I’ll let you be in my dream: the magic of Bob Dylan

So Bob Dylan is in his 80s. Bet he never thought that would happen, back when he was blowing’ in the winds of change during the fragile 1960s. Most people then were pessimistic about longevity, what with the threat of nuclear annihilation and the Cold War. “Hope I die before I get old,” as The Who put it in one of their less inspired moments.

I was there, in London during the Swinging Sixties, though I didn’t really notice. It all seemed pretty unremarkable to me, and I never thought those nuclear attacks would happen. I lived to start with in a bedsit in Stamford Hill, in a road that was predominately the home of Orthodox Jews. Not much swinging there. I had a Jewish doctor, who was great. You could see him face to face.

I did go to a few parties, but I don’t remember much about them. That may or may not be a bad sign. I was working five days a week and at university four evenings a week, which didn’t leave a lot of time for exploring inner space, with or without mushrooms.

It wasn’t as boring as it sounds, partly because London is never less than interesting, and I listened to Bob Dylan a lot. I don’t want to beat about the bush: in my opinion Dylan was a totally brilliant singer-songwriter, outstanding in a time of many talented songwriters and performers. Was? He still is, of course. I never expected that.

I bought his first record, Freewheelin’ (actually his second, but the first that was entirely self-composed) without ever having heard him, on the recommendation of a friend. At the time we were visiting Coventry, where I had lived a few years as a child, and I remember going back to the friend’s house where we were staying, taking the record up to the bedroom, where for some reason there was a portable record player, and putting it on. I had to be hauled down to supper. I was mesmerised. I couldn’t believe how good it was.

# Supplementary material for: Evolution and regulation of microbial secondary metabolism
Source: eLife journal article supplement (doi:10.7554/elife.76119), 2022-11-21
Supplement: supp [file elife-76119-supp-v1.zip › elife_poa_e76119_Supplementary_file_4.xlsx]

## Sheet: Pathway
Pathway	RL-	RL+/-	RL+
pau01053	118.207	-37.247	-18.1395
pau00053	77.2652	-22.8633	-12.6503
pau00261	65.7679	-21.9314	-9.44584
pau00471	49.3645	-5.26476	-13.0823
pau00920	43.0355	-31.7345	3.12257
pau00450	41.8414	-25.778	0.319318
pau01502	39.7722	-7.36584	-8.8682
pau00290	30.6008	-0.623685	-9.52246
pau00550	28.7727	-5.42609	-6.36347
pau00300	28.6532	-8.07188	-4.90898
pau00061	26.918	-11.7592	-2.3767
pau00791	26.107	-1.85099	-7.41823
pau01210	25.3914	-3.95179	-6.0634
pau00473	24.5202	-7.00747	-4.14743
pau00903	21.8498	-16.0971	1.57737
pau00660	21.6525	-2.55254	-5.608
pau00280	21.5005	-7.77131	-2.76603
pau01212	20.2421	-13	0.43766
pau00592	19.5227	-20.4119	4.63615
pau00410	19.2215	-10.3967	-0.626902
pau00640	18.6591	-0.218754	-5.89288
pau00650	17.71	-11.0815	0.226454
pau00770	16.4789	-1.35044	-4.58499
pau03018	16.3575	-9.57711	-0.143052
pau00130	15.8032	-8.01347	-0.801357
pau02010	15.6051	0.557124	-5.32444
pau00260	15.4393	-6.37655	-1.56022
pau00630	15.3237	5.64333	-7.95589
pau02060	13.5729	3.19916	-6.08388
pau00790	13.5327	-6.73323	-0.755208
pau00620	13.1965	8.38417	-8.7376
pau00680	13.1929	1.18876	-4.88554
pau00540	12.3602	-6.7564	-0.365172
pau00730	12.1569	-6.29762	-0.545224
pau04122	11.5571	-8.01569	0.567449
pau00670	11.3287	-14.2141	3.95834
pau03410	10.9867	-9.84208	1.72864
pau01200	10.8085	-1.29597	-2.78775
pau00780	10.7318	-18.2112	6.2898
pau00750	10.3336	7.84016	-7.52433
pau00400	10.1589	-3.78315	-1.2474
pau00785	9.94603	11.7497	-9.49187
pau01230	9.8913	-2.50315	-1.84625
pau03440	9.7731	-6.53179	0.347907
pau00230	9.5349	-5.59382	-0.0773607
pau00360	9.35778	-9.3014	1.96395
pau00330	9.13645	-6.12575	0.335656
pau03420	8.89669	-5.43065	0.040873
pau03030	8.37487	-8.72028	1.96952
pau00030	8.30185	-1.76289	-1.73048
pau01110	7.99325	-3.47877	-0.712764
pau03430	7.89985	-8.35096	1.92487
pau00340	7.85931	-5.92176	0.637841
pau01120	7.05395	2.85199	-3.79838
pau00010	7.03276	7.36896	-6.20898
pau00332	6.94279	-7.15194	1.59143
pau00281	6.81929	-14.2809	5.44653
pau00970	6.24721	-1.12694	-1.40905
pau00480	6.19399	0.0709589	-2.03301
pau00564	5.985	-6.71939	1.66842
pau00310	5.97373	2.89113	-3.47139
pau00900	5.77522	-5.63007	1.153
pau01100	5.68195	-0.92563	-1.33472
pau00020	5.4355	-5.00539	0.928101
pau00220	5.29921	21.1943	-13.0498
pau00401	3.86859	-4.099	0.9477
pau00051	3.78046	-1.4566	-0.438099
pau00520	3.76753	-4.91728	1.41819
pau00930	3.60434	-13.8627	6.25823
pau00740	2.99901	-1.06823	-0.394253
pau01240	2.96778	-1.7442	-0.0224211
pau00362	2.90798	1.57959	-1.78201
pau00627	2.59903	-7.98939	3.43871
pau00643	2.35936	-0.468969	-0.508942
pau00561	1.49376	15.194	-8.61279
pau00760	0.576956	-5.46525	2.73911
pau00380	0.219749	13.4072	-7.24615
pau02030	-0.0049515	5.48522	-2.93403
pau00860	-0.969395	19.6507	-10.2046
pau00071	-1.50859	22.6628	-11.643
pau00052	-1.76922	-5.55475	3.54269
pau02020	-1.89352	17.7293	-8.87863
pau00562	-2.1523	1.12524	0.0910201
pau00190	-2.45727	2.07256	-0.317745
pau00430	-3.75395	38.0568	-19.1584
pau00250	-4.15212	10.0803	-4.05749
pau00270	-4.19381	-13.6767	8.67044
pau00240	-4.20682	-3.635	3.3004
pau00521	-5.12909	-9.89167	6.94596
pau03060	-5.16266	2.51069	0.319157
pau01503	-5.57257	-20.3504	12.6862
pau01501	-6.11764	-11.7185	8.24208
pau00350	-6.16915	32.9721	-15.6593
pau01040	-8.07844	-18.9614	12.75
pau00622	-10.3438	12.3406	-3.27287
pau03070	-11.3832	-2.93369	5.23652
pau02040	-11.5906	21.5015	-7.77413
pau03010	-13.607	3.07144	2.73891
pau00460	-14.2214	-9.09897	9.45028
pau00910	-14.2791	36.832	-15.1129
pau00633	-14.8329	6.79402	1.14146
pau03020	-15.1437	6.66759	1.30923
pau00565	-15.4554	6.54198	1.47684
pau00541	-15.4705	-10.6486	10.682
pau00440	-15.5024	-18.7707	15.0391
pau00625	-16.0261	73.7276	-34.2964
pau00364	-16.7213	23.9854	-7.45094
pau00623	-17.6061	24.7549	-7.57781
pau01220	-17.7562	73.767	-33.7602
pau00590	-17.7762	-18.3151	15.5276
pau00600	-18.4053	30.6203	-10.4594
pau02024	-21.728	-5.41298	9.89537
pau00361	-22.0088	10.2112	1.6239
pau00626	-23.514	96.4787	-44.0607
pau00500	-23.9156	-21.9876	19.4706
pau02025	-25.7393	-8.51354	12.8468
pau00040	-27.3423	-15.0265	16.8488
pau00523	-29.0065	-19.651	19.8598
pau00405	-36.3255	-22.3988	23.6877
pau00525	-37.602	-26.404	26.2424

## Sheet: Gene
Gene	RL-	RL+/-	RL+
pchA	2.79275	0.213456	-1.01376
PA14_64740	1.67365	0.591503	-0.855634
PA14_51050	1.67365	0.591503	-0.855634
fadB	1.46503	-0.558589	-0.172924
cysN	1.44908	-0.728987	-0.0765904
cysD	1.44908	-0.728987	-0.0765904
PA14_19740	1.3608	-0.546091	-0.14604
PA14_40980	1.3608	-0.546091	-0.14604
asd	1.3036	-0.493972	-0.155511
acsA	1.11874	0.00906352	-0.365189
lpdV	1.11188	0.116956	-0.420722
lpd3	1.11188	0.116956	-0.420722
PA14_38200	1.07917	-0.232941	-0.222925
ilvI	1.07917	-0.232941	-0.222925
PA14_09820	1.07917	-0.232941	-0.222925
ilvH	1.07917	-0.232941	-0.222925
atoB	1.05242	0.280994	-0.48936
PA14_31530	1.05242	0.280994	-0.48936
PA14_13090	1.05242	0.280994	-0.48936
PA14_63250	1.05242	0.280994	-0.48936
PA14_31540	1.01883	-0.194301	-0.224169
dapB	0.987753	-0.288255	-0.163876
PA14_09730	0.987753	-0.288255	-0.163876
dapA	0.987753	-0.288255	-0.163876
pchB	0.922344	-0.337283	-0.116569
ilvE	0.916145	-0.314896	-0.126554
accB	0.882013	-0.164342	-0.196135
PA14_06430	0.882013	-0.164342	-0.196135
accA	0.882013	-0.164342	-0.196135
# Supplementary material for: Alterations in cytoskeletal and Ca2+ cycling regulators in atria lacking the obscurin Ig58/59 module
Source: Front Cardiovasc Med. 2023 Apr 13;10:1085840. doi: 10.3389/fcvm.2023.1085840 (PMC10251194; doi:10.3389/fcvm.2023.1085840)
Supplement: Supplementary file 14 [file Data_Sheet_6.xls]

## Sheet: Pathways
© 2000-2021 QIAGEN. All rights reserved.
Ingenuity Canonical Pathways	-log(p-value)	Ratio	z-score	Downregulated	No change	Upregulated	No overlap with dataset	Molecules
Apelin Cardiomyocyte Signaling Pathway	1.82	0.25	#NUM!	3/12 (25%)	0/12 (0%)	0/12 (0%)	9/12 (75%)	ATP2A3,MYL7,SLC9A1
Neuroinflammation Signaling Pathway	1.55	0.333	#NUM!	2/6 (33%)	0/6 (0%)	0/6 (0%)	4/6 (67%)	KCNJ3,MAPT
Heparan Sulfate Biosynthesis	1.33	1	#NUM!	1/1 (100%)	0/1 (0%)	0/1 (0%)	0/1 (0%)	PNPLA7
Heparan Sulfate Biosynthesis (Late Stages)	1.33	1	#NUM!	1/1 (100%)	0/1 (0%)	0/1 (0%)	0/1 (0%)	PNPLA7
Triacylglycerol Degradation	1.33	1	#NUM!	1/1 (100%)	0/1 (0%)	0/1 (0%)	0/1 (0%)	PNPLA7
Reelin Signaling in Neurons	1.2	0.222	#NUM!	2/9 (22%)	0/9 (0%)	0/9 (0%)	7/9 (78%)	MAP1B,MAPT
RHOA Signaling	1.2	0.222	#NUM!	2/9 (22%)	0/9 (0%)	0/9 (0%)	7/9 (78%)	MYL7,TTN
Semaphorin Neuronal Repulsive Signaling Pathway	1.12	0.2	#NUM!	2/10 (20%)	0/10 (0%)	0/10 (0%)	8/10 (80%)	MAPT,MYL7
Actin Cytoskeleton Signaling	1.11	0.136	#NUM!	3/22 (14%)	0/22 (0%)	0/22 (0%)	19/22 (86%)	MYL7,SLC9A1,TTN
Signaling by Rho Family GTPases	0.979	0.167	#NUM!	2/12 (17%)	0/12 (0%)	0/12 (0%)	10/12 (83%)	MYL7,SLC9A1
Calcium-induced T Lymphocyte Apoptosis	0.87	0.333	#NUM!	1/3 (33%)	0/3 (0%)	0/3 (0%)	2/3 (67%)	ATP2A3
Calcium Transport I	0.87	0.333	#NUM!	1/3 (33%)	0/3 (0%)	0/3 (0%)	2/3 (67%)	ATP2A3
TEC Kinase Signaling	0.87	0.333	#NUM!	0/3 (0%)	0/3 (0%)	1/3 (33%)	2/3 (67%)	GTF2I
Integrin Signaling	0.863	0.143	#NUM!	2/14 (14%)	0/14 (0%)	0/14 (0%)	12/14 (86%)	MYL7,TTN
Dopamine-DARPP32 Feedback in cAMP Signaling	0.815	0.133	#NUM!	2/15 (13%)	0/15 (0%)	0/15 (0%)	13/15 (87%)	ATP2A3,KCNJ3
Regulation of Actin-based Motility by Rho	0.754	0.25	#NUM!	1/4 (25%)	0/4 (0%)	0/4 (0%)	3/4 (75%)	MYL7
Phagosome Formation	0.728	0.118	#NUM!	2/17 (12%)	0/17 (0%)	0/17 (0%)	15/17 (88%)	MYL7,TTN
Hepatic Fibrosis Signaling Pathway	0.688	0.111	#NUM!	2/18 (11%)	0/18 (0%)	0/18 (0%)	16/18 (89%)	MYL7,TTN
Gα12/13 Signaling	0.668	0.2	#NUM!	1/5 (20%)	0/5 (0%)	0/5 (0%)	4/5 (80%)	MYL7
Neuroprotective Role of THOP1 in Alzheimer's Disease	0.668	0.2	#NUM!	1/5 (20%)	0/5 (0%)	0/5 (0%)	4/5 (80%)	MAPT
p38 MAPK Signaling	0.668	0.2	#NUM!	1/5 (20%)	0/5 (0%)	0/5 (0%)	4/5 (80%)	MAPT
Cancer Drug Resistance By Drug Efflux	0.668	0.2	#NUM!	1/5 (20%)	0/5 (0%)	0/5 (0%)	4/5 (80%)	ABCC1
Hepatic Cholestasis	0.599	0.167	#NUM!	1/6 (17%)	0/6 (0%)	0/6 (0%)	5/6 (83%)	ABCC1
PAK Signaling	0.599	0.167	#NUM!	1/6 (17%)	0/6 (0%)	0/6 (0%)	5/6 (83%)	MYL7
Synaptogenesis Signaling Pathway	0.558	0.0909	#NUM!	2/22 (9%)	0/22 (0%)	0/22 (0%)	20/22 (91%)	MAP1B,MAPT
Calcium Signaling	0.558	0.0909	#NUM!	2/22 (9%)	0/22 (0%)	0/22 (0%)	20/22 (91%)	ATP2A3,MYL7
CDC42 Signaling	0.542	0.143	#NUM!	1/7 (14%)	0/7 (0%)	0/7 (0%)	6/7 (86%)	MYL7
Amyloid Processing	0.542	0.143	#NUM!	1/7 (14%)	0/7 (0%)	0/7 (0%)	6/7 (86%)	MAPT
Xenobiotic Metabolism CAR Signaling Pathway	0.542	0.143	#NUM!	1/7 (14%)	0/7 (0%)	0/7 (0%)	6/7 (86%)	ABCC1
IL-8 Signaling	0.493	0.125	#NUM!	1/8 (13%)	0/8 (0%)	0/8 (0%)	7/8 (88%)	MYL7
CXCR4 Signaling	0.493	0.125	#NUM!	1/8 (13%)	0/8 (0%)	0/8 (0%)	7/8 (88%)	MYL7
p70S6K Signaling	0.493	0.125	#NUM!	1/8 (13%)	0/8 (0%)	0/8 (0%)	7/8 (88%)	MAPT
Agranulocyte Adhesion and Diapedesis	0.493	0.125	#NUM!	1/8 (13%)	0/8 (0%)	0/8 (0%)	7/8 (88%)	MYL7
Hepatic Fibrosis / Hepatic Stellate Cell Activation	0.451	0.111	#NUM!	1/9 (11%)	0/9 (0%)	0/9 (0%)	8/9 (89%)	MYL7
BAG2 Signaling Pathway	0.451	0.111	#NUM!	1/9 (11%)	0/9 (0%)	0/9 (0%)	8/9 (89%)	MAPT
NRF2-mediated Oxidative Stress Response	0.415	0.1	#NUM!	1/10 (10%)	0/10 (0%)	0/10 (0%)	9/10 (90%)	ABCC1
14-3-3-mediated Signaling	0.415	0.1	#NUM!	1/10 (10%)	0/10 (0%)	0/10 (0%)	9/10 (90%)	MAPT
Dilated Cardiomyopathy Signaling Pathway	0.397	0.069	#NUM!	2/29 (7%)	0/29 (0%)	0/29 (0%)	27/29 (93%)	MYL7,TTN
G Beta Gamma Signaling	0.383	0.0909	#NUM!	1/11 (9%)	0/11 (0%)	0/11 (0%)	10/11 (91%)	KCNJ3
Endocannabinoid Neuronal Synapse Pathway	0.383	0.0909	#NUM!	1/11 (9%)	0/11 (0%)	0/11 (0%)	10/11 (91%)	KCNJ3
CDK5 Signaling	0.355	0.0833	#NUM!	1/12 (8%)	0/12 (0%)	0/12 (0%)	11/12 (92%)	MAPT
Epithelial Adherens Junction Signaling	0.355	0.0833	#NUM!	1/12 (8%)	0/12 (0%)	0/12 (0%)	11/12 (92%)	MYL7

Up to then I had been a big fan of Buddy Holly, who really did die before he got old – or even middle-aged – and through no fault of his own. But Dylan was something else. Everything about the songs was wonderful. The words, the music, the timing. 

Needless to say, I now have a large collection of Dylan records.

He is human, of course, and he has written some poor songs. Not many, though –  and they are eclipsed by the sheer weight of the brilliant ones. I bought the double album Blonde on Blonde in Minneapolis when I was on a brief visit to the States, and it contains probably my all-time favourite, Visions of Johanna. But then Sad-Eyed Lady of the Lowlands on the same album is also exceptional, and there there is Like a Rolling Stone, of course, and All Along the Watchtower – the only one of his songs I can think of that someone else (Jimi Hendrix) performed even better than he did.

Chimes of Freedom was always underestimated, and later on we had the stunning Hurricane, Jokerman, Mississippi, Knockin’ on Heaven’s Door, and more recently Not Dark Yet and Things Have Changed. Not to mention the last album, with its tour de force, Murder Most Foul. There are so many more, it’s actually laughable to  pick those out. 

These are songs that lift the spirits, and you just wish that the younger generation would give them a shot. But of course the younger generation rarely does. When I was young, my parents and their friends loved musicals, crooners and big bands, and really never “got” rock and roll, or Bob Dylan. I never got the ones they loved, and I probably still don’t. 

There are exceptions to this rule. When my son went to university in the early 1990s, he used to bring home albums and play them to us. Some of them I quite liked. But then he brought home Counting Crows’ album, August and Everything After. I loved it. It was brilliant. It reminded me of Bob Dylan. And to be fair, my son likes Bob Dylan too. 

At this point the analogy breaks down. All analogies do, eventually. I think Abraham Lincoln said that. I’ll let you be in my dream if I can be in yours. Dylan said that.